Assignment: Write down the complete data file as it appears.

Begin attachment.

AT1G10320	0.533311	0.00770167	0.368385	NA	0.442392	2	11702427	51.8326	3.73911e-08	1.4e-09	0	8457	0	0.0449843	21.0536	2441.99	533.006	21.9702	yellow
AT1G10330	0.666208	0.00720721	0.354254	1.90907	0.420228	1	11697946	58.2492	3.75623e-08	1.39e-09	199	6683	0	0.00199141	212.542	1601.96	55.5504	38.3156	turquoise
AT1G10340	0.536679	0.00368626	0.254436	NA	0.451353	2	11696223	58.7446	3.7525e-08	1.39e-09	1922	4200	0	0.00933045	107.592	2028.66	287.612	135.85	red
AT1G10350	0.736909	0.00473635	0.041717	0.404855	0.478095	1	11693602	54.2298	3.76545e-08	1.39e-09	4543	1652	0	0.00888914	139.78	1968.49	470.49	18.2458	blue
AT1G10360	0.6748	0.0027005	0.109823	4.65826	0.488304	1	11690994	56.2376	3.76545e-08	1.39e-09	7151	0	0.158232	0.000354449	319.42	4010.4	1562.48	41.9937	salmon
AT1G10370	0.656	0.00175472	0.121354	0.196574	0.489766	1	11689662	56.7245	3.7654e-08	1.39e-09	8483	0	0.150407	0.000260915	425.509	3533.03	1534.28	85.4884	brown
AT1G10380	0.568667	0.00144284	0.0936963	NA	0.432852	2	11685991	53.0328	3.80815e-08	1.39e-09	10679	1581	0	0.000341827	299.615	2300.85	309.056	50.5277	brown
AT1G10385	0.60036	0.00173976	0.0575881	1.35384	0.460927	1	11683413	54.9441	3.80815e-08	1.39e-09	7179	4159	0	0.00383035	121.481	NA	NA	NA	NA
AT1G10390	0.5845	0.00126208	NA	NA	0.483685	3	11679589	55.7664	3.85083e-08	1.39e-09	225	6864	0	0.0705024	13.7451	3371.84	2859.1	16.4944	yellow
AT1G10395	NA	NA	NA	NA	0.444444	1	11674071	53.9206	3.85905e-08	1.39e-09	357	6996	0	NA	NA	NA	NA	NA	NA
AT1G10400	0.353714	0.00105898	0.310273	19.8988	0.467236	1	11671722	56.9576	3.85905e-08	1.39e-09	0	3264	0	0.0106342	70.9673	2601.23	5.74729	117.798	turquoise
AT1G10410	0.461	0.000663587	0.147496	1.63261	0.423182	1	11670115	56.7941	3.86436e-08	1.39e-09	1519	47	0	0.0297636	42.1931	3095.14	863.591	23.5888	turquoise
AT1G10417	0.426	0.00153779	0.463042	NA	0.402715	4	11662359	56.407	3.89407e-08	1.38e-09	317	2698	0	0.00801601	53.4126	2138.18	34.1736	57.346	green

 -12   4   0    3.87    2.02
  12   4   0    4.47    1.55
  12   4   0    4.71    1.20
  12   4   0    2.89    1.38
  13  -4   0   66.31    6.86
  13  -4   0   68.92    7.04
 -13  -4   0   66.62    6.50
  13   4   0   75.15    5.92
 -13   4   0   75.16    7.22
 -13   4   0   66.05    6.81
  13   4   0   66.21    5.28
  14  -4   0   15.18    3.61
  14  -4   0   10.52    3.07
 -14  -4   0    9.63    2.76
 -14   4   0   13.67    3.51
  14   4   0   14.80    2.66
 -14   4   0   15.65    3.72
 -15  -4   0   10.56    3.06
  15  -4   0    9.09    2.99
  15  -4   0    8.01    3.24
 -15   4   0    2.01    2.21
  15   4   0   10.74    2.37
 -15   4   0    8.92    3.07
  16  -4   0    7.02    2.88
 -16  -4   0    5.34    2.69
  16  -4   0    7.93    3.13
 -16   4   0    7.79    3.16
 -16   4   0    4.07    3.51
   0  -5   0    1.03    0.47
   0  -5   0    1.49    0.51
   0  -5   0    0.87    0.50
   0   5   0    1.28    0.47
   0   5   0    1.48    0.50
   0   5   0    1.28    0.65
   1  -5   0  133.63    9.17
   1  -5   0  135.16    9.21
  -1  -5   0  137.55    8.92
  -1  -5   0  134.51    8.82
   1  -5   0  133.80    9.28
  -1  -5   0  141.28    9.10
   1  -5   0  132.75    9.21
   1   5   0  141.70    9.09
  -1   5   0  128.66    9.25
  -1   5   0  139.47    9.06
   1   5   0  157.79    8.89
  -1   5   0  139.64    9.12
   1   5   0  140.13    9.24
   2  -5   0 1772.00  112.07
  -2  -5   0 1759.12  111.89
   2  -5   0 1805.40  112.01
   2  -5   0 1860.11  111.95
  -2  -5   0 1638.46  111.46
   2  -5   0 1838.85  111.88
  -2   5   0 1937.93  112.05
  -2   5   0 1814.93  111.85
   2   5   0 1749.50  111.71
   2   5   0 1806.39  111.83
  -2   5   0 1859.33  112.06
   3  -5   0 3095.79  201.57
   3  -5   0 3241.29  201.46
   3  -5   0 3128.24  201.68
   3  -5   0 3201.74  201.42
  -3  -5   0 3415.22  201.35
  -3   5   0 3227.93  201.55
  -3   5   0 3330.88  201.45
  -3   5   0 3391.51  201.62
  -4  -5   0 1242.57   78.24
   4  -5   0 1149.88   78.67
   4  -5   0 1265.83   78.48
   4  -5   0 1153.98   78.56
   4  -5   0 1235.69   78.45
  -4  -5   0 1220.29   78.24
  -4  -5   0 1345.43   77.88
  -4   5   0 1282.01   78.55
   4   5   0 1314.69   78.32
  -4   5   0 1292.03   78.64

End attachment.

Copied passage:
AT1G10320	0.533311	0.00770167	0.368385	NA	0.442392	2	11702427	51.8326	3.73911e-08	1.4e-09	0	8457	0	0.0449843	21.0536	2441.99	533.006	21.9702	yellow
AT1G10330	0.666208	0.00720721	0.354254	1.90907	0.420228	1	11697946	58.2492	3.75623e-08	1.39e-09	199	6683	0	0.00199141	212.542	1601.96	55.5504	38.3156	turquoise
AT1G10340	0.536679	0.00368626	0.254436	NA	0.451353	2	11696223	58.7446	3.7525e-08	1.39e-09	1922	4200	0	0.00933045	107.592	2028.66	287.612	135.85	red
AT1G10350	0.736909	0.00473635	0.041717	0.404855	0.478095	1	11693602	54.2298	3.76545e-08	1.39e-09	4543	1652	0	0.00888914	139.78	1968.49	470.49	18.2458	blue
AT1G10360	0.6748	0.0027005	0.109823	4.65826	0.488304	1	11690994	56.2376	3.76545e-08	1.39e-09	7151	0	0.158232	0.000354449	319.42	4010.4	1562.48	41.9937	salmon
AT1G10370	0.656	0.00175472	0.121354	0.196574	0.489766	1	11689662	56.7245	3.7654e-08	1.39e-09	8483	0	0.150407	0.000260915	425.509	3533.03	1534.28	85.4884	brown
AT1G10380	0.568667	0.00144284	0.0936963	NA	0.432852	2	11685991	53.0328	3.80815e-08	1.39e-09	10679	1581	0	0.000341827	299.615	2300.85	309.056	50.5277	brown
AT1G10385	0.60036	0.00173976	0.0575881	1.35384	0.460927	1	11683413	54.9441	3.80815e-08	1.39e-09	7179	4159	0	0.00383035	121.481	NA	NA	NA	NA
AT1G10390	0.5845	0.00126208	NA	NA	0.483685	3	11679589	55.7664	3.85083e-08	1.39e-09	225	6864	0	0.0705024	13.7451	3371.84	2859.1	16.4944	yellow
AT1G10395	NA	NA	NA	NA	0.444444	1	11674071	53.9206	3.85905e-08	1.39e-09	357	6996	0	NA	NA	NA	NA	NA	NA
AT1G10400	0.353714	0.00105898	0.310273	19.8988	0.467236	1	11671722	56.9576	3.85905e-08	1.39e-09	0	3264	0	0.0106342	70.9673	2601.23	5.74729	117.798	turquoise
AT1G10410	0.461	0.000663587	0.147496	1.63261	0.423182	1	11670115	56.7941	3.86436e-08	1.39e-09	1519	47	0	0.0297636	42.1931	3095.14	863.591	23.5888	turquoise
AT1G10417	0.426	0.00153779	0.463042	NA	0.402715	4	11662359	56.407	3.89407e-08	1.38e-09	317	2698	0	0.00801601	53.4126	2138.18	34.1736	57.346	green

 -12   4   0    3.87    2.02
  12   4   0    4.47    1.55
  12   4   0    4.71    1.20
  12   4   0    2.89    1.38
  13  -4   0   66.31    6.86
  13  -4   0   68.92    7.04
 -13  -4   0   66.62    6.50
  13   4   0   75.15    5.92
 -13   4   0   75.16    7.22
 -13   4   0   66.05    6.81
  13   4   0   66.21    5.28
  14  -4   0   15.18    3.61
  14  -4   0   10.52    3.07
 -14  -4   0    9.63    2.76
 -14   4   0   13.67    3.51
  14   4   0   14.80    2.66
 -14   4   0   15.65    3.72
 -15  -4   0   10.56    3.06
  15  -4   0    9.09    2.99
  15  -4   0    8.01    3.24
 -15   4   0    2.01    2.21
  15   4   0   10.74    2.37
 -15   4   0    8.92    3.07
  16  -4   0    7.02    2.88
 -16  -4   0    5.34    2.69
  16  -4   0    7.93    3.13
 -16   4   0    7.79    3.16
 -16   4   0    4.07    3.51
   0  -5   0    1.03    0.47
   0  -5   0    1.49    0.51
   0  -5   0    0.87    0.50
   0   5   0    1.28    0.47
   0   5   0    1.48    0.50
   0   5   0    1.28    0.65
   1  -5   0  133.63    9.17
   1  -5   0  135.16    9.21
  -1  -5   0  137.55    8.92
  -1  -5   0  134.51    8.82
   1  -5   0  133.80    9.28
  -1  -5   0  141.28    9.10
   1  -5   0  132.75    9.21
   1   5   0  141.70    9.09
  -1   5   0  128.66    9.25
  -1   5   0  139.47    9.06
   1   5   0  157.79    8.89
  -1   5   0  139.64    9.12
   1   5   0  140.13    9.24
   2  -5   0 1772.00  112.07
  -2  -5   0 1759.12  111.89
   2  -5   0 1805.40  112.01
   2  -5   0 1860.11  111.95
  -2  -5   0 1638.46  111.46
   2  -5   0 1838.85  111.88
  -2   5   0 1937.93  112.05
  -2   5   0 1814.93  111.85
   2   5   0 1749.50  111.71
   2   5   0 1806.39  111.83
  -2   5   0 1859.33  112.06
   3  -5   0 3095.79  201.57
   3  -5   0 3241.29  201.46
   3  -5   0 3128.24  201.68
   3  -5   0 3201.74  201.42
  -3  -5   0 3415.22  201.35
  -3   5   0 3227.93  201.55
  -3   5   0 3330.88  201.45
  -3   5   0 3391.51  201.62
  -4  -5   0 1242.57   78.24
   4  -5   0 1149.88   78.67
   4  -5   0 1265.83   78.48
   4  -5   0 1153.98   78.56
   4  -5   0 1235.69   78.45
  -4  -5   0 1220.29   78.24
  -4  -5   0 1345.43   77.88
  -4   5   0 1282.01   78.55
   4   5   0 1314.69   78.32
  -4   5   0 1292.03   78.64